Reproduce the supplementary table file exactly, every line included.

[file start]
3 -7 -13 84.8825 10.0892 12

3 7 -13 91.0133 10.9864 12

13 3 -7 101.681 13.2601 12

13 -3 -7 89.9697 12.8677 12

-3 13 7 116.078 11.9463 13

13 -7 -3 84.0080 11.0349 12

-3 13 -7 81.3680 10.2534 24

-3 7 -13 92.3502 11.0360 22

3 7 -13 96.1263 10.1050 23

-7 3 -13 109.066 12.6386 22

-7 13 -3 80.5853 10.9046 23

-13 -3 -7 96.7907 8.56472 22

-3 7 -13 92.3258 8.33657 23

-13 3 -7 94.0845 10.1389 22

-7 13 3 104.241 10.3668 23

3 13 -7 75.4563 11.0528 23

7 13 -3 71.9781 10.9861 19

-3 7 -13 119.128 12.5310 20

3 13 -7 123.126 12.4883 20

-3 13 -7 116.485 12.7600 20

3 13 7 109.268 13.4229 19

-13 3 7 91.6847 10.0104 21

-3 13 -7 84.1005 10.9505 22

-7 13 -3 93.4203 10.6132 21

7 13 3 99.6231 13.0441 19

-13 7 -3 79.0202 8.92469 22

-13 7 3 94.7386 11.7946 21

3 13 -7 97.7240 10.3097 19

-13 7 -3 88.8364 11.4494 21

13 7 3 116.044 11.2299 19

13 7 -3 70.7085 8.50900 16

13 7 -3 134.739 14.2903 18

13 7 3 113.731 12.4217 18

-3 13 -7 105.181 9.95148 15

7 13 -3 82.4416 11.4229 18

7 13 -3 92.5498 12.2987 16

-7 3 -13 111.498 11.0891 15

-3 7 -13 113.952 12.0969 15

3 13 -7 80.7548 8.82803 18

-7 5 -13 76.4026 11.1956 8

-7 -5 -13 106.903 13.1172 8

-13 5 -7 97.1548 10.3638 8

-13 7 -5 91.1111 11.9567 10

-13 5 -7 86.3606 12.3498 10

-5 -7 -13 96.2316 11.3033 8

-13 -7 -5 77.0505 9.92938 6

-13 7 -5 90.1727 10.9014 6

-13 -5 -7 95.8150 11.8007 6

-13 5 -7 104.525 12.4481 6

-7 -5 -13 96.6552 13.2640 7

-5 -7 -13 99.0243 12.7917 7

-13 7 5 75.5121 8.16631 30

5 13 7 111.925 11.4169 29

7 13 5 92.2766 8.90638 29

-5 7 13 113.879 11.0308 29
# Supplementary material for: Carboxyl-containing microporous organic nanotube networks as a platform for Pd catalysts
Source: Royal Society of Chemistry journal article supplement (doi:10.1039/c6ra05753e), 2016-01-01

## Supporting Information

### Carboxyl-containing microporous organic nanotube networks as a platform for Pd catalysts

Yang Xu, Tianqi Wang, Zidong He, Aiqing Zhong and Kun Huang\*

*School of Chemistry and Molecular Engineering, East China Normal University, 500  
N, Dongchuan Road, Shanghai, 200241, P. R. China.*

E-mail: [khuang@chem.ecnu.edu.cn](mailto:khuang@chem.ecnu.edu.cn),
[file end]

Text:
3 -7 -13 84.8825 10.0892 12

3 7 -13 91.0133 10.9864 12

13 3 -7 101.681 13.2601 12

13 -3 -7 89.9697 12.8677 12

-3 13 7 116.078 11.9463 13

13 -7 -3 84.0080 11.0349 12

-3 13 -7 81.3680 10.2534 24

-3 7 -13 92.3502 11.0360 22

3 7 -13 96.1263 10.1050 23

-7 3 -13 109.066 12.6386 22

-7 13 -3 80.5853 10.9046 23

-13 -3 -7 96.7907 8.56472 22

-3 7 -13 92.3258 8.33657 23

-13 3 -7 94.0845 10.1389 22

-7 13 3 104.241 10.3668 23

3 13 -7 75.4563 11.0528 23

7 13 -3 71.9781 10.9861 19

-3 7 -13 119.128 12.5310 20

3 13 -7 123.126 12.4883 20

-3 13 -7 116.485 12.7600 20

3 13 7 109.268 13.4229 19

-13 3 7 91.6847 10.0104 21

-3 13 -7 84.1005 10.9505 22

-7 13 -3 93.4203 10.6132 21

7 13 3 99.6231 13.0441 19

-13 7 -3 79.0202 8.92469 22

-13 7 3 94.7386 11.7946 21

3 13 -7 97.7240 10.3097 19

-13 7 -3 88.8364 11.4494 21

13 7 3 116.044 11.2299 19

13 7 -3 70.7085 8.50900 16

13 7 -3 134.739 14.2903 18

13 7 3 113.731 12.4217 18

-3 13 -7 105.181 9.95148 15

7 13 -3 82.4416 11.4229 18

7 13 -3 92.5498 12.2987 16

-7 3 -13 111.498 11.0891 15

-3 7 -13 113.952 12.0969 15

3 13 -7 80.7548 8.82803 18

-7 5 -13 76.4026 11.1956 8

-7 -5 -13 106.903 13.1172 8

-13 5 -7 97.1548 10.3638 8

-13 7 -5 91.1111 11.9567 10

-13 5 -7 86.3606 12.3498 10

-5 -7 -13 96.2316 11.3033 8

-13 -7 -5 77.0505 9.92938 6

-13 7 -5 90.1727 10.9014 6

-13 -5 -7 95.8150 11.8007 6

-13 5 -7 104.525 12.4481 6

-7 -5 -13 96.6552 13.2640 7

-5 -7 -13 99.0243 12.7917 7

-13 7 5 75.5121 8.16631 30

5 13 7 111.925 11.4169 29

7 13 5 92.2766 8.90638 29

-5 7 13 113.879 11.0308 29
# Supplementary material for: Carboxyl-containing microporous organic nanotube networks as a platform for Pd catalysts
Source: Royal Society of Chemistry journal article supplement (doi:10.1039/c6ra05753e), 2016-01-01

## Supporting Information

### Carboxyl-containing microporous organic nanotube networks as a platform for Pd catalysts

Yang Xu, Tianqi Wang, Zidong He, Aiqing Zhong and Kun Huang\*

*School of Chemistry and Molecular Engineering, East China Normal University, 500  
N, Dongchuan Road, Shanghai, 200241, P. R. China.*

E-mail: [khuang@chem.ecnu.edu.cn](mailto:khuang@chem.ecnu.edu.cn),